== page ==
Harsh with each other when all it would take to resolve is to eat something. Or to hydrate. Or to take a couple of deep breaths. Irritations, deficits, disorders inside ourselves that we own, that we produce, that we should govern, which we allow to lash out, from weakness, from lack of perspective, from our own limits. Don't blow it.
The title of the post was inspired by a poem by Maya Angelou, Our Grandmothers, which portrays a woman who, in spite of an exceedingly difficult life constantly pitted against forces of prejudice and power trying to tear her down, maintains an inner strength of steadfastness and faith: "I shall not, I shall not be moved," she intones.
I understand these things, the situation of the guy at the bar, as well as the center position we actually play in the ebb and flow of our own lives, and this causes me to aspire to a certain way of riding in this life, one inspired by the kind of exuberant domination of life-force on exhibition by the oleanders in the photos above.
This way of riding is more-than-surviving, it's thriving and ready for anything, phyisically, emotionally, intellectually, instinctively, right skills, right time, right place. It's dodging, evading, waving, smiling, dancing and not hitting, hopping and not falling, swooping and not skidding.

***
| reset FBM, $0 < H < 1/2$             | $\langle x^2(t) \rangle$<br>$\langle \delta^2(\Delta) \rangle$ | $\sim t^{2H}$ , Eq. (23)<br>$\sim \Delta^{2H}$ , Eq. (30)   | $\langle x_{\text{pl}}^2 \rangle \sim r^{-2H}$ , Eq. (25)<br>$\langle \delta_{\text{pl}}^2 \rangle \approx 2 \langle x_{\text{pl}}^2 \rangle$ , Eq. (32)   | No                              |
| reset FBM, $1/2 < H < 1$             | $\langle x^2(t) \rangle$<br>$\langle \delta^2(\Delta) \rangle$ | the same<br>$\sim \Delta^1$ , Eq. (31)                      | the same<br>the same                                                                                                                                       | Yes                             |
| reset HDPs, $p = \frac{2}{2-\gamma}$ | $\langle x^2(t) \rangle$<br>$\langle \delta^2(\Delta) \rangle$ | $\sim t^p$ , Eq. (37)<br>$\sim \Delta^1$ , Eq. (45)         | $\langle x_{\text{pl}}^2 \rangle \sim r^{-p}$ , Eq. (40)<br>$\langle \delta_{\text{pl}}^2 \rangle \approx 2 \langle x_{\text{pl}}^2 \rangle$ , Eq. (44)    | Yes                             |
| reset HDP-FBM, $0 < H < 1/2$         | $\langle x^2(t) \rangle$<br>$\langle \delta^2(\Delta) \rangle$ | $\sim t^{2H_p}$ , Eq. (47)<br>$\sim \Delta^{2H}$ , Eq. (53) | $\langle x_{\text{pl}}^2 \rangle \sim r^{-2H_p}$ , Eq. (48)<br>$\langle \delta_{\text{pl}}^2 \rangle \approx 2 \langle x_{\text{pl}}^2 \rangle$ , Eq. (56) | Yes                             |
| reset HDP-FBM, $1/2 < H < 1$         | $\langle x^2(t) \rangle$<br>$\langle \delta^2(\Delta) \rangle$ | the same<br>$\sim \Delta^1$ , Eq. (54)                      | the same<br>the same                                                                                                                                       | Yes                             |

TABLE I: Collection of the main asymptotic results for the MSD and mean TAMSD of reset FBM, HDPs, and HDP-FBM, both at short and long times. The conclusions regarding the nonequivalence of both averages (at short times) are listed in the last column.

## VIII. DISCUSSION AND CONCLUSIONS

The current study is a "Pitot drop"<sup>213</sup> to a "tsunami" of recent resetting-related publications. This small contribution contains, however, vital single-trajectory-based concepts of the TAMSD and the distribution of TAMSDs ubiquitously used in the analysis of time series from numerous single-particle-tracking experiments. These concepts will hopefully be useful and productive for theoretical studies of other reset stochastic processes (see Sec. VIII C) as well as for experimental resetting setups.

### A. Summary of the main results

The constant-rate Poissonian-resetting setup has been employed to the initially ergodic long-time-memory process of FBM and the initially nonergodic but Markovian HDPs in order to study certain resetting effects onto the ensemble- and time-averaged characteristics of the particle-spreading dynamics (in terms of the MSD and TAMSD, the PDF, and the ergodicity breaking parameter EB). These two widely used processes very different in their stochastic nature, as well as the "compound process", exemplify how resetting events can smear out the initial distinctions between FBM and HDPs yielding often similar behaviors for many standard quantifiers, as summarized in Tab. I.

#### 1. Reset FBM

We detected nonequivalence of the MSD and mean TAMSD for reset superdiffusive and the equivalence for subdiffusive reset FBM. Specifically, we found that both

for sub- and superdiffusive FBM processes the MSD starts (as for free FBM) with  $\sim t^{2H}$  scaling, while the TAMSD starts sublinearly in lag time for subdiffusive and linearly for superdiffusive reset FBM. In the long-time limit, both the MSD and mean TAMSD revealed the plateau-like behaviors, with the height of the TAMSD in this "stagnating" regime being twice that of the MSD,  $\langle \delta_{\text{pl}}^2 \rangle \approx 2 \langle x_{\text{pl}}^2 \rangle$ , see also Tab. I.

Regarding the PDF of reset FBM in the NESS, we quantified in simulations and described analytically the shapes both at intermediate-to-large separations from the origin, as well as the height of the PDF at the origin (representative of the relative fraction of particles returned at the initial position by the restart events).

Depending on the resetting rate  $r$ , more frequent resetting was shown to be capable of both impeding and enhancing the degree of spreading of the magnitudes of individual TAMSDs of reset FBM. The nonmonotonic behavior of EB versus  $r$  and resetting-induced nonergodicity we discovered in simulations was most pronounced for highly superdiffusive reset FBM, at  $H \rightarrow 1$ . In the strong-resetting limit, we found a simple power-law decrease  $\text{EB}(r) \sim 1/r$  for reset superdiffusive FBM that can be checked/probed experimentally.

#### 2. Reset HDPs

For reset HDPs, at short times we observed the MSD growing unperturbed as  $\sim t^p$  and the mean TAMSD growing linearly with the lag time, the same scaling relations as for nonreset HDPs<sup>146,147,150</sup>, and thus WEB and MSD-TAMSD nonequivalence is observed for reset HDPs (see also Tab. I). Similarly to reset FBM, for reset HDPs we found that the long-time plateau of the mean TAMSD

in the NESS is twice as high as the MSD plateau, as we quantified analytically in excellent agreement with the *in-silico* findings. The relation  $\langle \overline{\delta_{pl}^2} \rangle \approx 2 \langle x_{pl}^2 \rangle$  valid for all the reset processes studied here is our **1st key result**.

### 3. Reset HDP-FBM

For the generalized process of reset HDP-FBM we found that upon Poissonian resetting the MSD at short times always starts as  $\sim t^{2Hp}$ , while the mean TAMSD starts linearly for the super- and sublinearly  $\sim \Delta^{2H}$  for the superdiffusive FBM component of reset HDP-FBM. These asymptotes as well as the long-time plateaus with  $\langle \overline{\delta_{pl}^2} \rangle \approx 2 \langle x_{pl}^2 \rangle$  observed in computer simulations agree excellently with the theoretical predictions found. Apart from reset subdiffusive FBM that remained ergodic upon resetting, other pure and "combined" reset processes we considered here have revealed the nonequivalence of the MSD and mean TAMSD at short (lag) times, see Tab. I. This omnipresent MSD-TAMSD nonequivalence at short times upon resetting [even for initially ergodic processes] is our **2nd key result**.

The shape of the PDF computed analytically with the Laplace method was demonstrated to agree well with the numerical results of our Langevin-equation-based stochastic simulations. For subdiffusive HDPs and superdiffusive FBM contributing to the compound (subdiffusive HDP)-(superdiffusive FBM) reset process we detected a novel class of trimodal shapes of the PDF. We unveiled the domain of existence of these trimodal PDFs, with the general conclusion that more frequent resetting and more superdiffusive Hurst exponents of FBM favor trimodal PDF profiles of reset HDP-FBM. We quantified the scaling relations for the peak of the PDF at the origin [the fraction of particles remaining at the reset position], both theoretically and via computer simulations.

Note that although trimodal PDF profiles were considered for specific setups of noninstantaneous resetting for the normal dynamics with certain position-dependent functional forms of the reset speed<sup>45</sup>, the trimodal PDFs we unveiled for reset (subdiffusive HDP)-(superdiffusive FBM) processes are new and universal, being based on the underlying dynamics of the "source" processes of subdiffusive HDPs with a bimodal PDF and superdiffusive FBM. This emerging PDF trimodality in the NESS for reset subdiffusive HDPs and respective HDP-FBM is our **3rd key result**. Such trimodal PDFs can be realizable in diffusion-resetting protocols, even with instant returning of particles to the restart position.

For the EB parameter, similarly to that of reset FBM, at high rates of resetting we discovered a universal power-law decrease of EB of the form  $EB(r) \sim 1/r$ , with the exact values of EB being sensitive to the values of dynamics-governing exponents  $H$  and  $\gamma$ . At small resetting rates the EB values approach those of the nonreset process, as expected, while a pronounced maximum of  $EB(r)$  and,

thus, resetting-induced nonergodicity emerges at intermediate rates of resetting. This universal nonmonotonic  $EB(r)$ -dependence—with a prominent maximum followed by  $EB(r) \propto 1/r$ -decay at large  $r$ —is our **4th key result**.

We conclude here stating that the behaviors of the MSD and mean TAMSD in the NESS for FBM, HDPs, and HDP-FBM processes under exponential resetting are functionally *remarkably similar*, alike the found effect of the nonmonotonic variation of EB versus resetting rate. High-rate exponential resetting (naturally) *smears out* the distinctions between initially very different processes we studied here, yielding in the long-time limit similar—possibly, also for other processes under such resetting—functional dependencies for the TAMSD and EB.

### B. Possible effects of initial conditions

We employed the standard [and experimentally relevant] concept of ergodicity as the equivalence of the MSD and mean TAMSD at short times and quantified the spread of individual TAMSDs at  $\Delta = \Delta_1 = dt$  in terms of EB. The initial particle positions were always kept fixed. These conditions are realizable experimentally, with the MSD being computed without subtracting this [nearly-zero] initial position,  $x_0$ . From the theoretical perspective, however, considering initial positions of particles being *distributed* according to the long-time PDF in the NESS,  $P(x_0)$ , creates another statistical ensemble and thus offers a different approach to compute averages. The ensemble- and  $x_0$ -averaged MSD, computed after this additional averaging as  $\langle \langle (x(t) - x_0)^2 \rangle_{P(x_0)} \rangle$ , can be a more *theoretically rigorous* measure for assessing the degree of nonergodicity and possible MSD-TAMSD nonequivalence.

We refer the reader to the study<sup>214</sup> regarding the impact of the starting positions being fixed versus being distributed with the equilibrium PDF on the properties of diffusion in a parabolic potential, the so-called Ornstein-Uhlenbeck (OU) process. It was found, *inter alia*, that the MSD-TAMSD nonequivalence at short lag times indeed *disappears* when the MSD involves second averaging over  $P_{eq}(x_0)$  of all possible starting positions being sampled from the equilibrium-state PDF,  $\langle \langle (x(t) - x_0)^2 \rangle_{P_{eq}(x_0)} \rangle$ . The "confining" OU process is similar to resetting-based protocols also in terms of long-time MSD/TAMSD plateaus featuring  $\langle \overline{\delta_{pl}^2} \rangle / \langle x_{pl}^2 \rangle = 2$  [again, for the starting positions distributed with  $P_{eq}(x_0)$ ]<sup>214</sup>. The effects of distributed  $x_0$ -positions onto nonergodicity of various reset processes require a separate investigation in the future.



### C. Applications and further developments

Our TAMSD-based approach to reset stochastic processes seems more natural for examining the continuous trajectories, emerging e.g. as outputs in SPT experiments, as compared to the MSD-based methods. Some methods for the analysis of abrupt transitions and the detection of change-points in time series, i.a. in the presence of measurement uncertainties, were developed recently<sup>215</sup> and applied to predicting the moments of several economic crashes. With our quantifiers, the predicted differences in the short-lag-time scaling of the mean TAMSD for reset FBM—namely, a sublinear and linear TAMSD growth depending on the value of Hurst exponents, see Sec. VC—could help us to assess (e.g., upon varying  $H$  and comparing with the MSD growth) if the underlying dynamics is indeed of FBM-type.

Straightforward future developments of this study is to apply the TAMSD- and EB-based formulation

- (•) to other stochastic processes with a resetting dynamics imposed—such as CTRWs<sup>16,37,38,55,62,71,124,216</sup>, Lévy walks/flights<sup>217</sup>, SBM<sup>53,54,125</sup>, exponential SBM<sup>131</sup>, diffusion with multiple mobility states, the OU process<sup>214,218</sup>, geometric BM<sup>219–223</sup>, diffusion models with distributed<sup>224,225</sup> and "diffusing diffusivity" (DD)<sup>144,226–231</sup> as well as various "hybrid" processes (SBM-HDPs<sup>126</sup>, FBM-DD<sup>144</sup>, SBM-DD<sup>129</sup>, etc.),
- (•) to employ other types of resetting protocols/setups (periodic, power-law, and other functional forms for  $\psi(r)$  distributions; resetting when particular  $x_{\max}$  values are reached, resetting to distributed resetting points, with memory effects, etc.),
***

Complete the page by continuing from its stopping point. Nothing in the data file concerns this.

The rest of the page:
It's thinking three seconds ahead and noticing everything that's coming even if everything that's coming has its head up its ass while texting while lane drifting while running a red light.
This way of riding gives what is needed to who needs it when they need it.
It speaks words that the other wants to hear: the girl thinks: he did not blow it.
The driver thinks: that was pretty cool.
The pedestrian thinks: that guy was very polite, not in a hurry, not a jerk in any way.
It hands a cold bottle of water to a homeless guy on a hot day. It buys someone lunch who really needs it. It shows patience at a moment when understanding can change a life for the better. It turns off the damned cell phone for the duration of the middle school concert.